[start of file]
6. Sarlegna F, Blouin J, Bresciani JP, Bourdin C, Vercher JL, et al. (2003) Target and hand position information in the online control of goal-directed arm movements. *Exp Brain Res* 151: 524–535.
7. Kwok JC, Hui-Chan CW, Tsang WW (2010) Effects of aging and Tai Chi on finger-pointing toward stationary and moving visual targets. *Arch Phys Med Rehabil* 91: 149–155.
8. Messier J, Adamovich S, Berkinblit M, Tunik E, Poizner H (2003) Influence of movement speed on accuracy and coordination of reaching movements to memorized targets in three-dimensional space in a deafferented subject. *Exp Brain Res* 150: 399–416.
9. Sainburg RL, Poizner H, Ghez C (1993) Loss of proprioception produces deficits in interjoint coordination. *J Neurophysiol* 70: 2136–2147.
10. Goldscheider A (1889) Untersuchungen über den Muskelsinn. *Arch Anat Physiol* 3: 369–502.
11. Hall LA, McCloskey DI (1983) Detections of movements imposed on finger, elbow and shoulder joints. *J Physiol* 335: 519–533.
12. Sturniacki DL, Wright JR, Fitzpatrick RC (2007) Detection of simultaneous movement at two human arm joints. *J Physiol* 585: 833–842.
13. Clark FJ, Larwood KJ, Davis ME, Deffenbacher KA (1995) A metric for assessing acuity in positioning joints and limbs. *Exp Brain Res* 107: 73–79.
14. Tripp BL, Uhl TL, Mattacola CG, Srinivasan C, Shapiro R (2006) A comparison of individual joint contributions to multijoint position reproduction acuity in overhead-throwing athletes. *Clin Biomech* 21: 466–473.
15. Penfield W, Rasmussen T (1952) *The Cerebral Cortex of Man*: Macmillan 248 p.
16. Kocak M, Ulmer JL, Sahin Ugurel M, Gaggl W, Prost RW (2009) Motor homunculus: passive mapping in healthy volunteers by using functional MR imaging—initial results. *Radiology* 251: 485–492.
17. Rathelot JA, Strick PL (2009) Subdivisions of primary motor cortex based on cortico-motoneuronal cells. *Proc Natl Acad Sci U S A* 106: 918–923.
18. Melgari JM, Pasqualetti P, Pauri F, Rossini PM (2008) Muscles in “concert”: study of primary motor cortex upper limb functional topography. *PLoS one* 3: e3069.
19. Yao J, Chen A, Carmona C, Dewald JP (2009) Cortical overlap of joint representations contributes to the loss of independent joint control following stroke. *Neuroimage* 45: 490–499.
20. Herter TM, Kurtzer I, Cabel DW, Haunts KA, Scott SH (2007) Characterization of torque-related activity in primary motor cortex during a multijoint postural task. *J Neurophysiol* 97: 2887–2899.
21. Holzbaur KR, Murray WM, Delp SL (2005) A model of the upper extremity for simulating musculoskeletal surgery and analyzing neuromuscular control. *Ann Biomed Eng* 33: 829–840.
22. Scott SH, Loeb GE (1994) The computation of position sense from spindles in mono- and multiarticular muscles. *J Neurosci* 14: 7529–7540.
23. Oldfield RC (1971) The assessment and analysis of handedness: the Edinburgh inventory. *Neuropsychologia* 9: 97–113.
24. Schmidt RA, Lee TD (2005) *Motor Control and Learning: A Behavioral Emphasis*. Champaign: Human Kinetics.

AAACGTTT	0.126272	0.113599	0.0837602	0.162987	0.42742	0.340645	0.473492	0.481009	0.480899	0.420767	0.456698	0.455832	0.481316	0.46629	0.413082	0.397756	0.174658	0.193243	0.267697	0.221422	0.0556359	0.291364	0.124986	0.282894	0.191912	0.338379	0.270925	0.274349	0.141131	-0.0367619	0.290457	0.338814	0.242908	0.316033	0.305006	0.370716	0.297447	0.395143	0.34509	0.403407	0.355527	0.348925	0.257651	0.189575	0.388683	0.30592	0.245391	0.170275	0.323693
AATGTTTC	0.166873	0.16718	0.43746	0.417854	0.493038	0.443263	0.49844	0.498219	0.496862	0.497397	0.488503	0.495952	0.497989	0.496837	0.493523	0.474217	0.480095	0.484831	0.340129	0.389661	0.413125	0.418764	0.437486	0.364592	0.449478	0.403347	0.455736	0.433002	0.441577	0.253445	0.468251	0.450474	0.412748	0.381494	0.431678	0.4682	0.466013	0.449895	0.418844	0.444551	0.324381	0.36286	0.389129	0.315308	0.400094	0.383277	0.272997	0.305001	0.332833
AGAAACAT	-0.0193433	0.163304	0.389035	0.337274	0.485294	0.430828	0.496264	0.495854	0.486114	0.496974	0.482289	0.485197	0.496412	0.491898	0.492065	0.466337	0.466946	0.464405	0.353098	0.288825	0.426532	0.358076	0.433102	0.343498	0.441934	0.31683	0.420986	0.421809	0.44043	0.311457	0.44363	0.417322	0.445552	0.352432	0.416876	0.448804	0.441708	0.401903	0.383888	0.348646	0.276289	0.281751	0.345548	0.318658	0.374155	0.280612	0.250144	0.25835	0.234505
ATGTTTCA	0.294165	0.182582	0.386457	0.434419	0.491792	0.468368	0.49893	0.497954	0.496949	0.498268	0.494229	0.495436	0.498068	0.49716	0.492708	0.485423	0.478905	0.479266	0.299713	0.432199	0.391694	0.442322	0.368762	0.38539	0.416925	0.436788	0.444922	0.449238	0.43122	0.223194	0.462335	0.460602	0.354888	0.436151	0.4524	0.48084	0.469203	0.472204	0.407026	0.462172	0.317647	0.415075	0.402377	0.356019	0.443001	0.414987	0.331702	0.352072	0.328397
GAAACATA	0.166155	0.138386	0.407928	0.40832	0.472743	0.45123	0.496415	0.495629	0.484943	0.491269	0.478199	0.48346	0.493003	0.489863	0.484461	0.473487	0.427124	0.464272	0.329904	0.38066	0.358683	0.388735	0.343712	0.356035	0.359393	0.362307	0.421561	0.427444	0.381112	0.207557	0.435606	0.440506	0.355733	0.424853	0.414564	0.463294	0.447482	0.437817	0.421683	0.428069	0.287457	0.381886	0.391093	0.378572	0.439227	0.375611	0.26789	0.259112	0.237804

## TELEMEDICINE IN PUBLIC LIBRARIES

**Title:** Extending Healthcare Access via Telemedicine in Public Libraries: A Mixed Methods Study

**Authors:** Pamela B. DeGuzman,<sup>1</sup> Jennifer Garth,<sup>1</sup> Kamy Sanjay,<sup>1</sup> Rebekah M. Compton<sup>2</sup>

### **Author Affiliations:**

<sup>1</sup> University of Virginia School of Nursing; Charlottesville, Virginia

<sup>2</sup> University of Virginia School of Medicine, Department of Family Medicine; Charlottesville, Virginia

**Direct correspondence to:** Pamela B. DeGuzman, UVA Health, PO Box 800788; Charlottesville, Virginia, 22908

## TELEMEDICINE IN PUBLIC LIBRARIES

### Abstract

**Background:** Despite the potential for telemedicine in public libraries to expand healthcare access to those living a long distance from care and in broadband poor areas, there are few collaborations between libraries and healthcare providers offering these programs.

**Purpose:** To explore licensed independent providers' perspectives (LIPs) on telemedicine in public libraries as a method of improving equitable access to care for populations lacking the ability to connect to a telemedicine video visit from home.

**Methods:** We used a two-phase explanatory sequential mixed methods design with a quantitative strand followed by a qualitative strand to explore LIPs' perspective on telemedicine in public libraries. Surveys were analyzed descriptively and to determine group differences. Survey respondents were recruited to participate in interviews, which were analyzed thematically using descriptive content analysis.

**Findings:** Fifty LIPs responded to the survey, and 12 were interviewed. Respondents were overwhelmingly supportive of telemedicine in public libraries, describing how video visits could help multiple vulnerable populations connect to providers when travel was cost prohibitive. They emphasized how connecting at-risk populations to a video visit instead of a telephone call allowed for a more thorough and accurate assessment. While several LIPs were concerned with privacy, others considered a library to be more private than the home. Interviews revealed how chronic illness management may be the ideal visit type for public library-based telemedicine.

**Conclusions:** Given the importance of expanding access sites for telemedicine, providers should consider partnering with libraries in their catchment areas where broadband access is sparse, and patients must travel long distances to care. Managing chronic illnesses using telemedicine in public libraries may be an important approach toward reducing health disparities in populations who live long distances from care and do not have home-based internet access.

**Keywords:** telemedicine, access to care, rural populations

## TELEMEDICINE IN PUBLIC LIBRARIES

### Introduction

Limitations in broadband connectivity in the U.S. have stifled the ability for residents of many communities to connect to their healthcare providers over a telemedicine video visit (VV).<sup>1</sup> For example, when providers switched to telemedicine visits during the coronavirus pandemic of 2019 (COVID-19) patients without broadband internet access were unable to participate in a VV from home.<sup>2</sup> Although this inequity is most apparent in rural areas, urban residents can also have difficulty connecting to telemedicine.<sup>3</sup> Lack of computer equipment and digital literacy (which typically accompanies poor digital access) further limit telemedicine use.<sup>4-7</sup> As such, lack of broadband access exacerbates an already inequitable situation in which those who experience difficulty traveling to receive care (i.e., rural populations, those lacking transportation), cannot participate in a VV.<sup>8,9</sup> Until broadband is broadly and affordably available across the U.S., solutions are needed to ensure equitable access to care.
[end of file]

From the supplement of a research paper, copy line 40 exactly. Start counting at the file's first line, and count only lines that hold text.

## TELEMEDICINE IN PUBLIC LIBRARIES